So putting our trust in Jesus doesn’t just mean trusting in him by ourselves. We are linked to him, and thus to God, by belonging, by being members of his family, of his holy people. Now our 2nd Reading today (Hebrews 7:23-28) puts this in a rather different way, because in the Old Testament one of the main ways you belonged was by visiting the Temple in Jerusalem and asking the priests there to link you to God through their prayers and the sacrifices you offered through them. The problem with this, as the writer points out, is that priests aren’t perfect. They are humans like us. The answer is that God provides the one true priest – Jesus – who can lead us to heaven. So the writer says “It follows.., that his power to save is utterly certain, since he is living for ever to pray for all who come to God through him.”

We need to remember then how wonderful it is that Jesus is praying for us, for all of us, and that when we gather together to pray and to receive him in the bread that is his body, the priest who says the words of the prayers is not the one who is praying for us; for the one who is actually praying for us is Jesus, present with us. And Jesus is the Lamb who was slain, he is the one who has died for us, and he is the one who is alive for ever so that through him and with him and in him, we are drawn into the love of God which is eternal life with him for ever.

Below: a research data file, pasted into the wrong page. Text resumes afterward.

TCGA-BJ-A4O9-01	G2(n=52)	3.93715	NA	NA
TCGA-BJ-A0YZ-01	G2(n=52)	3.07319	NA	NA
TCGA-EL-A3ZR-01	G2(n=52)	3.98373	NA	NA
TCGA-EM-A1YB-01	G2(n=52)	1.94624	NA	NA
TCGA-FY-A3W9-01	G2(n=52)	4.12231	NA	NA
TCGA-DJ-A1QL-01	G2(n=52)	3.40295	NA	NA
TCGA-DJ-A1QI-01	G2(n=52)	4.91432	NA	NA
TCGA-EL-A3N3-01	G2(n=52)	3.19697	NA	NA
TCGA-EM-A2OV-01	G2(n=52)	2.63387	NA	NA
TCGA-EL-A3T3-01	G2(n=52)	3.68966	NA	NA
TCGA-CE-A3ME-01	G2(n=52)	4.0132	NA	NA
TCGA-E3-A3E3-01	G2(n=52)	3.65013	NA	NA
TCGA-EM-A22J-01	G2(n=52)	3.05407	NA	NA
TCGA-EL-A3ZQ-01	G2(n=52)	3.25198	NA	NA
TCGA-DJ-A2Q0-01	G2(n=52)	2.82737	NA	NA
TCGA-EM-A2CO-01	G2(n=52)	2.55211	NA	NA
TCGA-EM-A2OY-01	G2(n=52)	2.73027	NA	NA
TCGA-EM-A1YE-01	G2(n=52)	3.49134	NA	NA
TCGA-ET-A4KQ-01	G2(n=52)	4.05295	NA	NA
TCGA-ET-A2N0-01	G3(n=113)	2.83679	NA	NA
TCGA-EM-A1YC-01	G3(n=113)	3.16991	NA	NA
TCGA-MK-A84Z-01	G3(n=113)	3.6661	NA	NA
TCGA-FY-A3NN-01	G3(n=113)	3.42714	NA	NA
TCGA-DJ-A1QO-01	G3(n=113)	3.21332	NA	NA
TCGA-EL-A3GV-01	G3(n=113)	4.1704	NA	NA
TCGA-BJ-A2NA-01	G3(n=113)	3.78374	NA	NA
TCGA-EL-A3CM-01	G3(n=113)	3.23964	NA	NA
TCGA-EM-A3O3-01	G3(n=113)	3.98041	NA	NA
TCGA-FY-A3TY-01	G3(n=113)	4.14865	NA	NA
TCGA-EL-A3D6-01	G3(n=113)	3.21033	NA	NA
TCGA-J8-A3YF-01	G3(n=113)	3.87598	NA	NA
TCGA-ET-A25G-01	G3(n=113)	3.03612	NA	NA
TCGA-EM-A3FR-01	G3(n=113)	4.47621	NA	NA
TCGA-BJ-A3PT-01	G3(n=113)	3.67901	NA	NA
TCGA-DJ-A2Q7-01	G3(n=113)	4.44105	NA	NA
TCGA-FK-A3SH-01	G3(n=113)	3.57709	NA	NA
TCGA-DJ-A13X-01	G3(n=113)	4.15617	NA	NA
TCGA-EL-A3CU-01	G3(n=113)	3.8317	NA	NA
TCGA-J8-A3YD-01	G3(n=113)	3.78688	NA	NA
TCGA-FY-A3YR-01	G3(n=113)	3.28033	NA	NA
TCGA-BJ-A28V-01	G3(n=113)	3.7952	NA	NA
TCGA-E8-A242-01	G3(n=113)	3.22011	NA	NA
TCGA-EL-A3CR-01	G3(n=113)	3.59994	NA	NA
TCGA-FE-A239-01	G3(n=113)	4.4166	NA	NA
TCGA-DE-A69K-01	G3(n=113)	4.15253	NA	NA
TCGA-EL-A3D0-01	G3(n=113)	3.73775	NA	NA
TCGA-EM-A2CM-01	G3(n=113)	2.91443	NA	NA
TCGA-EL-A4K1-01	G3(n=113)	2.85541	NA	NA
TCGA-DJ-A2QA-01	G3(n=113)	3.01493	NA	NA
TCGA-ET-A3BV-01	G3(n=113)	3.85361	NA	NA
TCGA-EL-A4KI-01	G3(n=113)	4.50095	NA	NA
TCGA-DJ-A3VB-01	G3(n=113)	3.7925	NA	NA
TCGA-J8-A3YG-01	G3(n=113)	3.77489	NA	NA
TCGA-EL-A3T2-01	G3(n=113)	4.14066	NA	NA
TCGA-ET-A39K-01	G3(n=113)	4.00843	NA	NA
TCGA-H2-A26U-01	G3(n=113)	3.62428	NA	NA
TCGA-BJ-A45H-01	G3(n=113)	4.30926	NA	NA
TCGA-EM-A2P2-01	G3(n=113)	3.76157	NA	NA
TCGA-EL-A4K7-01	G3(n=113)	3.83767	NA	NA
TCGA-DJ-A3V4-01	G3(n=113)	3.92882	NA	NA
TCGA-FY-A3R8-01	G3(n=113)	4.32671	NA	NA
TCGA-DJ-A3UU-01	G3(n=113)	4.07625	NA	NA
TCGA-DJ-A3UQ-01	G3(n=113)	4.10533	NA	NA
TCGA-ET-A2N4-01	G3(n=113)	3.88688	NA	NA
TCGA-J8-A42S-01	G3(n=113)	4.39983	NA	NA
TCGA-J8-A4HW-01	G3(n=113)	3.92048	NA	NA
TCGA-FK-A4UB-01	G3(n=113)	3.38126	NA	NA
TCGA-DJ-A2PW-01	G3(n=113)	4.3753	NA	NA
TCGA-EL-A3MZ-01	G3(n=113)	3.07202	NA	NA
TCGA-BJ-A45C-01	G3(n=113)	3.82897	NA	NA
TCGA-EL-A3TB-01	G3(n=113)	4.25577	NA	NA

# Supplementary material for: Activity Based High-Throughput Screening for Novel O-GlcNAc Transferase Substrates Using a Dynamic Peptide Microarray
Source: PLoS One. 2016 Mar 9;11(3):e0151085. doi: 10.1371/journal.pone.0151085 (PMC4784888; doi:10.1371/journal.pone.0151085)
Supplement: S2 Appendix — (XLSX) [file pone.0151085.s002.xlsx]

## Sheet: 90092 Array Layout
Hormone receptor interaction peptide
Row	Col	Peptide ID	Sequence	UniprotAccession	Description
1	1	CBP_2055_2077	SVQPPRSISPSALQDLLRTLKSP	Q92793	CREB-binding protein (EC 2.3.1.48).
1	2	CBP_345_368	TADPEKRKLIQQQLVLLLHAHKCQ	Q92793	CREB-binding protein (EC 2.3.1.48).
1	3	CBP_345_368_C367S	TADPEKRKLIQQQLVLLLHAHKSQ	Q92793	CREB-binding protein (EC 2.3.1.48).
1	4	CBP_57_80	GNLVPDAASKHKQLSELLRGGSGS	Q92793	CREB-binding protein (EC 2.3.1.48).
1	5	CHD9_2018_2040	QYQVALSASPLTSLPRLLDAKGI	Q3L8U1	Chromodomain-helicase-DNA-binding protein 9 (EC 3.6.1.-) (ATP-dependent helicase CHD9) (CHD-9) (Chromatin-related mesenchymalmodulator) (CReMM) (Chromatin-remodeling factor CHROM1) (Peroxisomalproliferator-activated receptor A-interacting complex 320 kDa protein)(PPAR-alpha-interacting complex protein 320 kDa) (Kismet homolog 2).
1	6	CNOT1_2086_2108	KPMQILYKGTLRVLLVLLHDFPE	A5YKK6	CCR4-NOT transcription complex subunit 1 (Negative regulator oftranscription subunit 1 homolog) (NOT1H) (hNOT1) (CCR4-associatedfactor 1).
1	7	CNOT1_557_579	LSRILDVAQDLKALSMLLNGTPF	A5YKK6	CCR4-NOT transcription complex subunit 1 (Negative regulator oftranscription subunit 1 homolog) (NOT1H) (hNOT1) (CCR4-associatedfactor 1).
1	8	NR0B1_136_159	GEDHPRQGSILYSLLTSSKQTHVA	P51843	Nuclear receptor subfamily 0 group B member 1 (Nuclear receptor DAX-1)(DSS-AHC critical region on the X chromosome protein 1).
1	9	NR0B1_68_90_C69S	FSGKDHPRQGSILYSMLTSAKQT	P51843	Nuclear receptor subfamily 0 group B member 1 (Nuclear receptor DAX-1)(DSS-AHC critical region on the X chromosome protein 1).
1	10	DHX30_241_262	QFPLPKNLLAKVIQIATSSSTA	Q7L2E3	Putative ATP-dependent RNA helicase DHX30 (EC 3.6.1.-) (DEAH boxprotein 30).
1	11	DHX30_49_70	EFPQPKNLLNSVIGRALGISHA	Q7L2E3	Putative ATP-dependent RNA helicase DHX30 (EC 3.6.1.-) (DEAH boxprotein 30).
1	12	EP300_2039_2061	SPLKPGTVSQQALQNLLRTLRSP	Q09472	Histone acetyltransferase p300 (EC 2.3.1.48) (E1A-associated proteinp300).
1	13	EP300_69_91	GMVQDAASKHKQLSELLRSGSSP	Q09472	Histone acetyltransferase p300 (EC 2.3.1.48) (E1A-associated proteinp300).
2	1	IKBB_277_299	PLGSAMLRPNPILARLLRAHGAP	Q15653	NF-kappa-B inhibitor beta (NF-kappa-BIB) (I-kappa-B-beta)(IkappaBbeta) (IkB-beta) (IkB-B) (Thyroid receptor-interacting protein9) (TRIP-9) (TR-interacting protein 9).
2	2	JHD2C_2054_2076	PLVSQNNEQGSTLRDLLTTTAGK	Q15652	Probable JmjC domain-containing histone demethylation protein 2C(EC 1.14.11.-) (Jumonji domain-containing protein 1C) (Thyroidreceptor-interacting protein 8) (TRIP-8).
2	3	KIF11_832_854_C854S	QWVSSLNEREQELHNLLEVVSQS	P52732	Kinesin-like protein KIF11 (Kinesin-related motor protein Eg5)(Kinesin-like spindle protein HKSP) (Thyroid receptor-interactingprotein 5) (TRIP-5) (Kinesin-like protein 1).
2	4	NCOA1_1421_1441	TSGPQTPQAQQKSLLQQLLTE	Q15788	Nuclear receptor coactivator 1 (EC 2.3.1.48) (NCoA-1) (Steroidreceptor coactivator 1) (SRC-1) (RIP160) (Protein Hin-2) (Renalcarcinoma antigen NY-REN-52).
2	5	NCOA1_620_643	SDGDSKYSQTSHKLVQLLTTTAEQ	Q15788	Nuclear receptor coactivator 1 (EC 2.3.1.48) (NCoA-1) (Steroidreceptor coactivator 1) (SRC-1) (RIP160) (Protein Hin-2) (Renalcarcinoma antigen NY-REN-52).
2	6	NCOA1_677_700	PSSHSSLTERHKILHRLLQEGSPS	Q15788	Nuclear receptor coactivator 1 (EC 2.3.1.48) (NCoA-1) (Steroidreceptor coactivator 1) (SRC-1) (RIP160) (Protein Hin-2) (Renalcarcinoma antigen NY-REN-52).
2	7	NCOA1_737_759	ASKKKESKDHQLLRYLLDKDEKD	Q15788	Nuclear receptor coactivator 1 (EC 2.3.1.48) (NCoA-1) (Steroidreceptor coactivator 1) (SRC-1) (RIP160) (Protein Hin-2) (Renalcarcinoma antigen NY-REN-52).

Of course that doesn’t mean we can sit back and be horrid people. God needs and accepts our imperfect efforts to be good and loving, and uses them in the process of purifying us; but if we think these efforts alone get us to God then we’re in great danger. Why? Because we’re beginning to take pride in ourselves as good and holy Christians rather than accepting our limitations and putting our trust entirely in God and his grace.  Yes, we must try to love God and our neighbour with all our heart and soul and mind, but above all we must trust God to purify us, a process we call purgatory. It is God in and through Jesus who transforms our weak efforts to love into the perfect love by which we become one with him for ever. 


Jesus gifts himself to us and for ever

A Meditation from Frances on next Sunday’s Readings (31st):-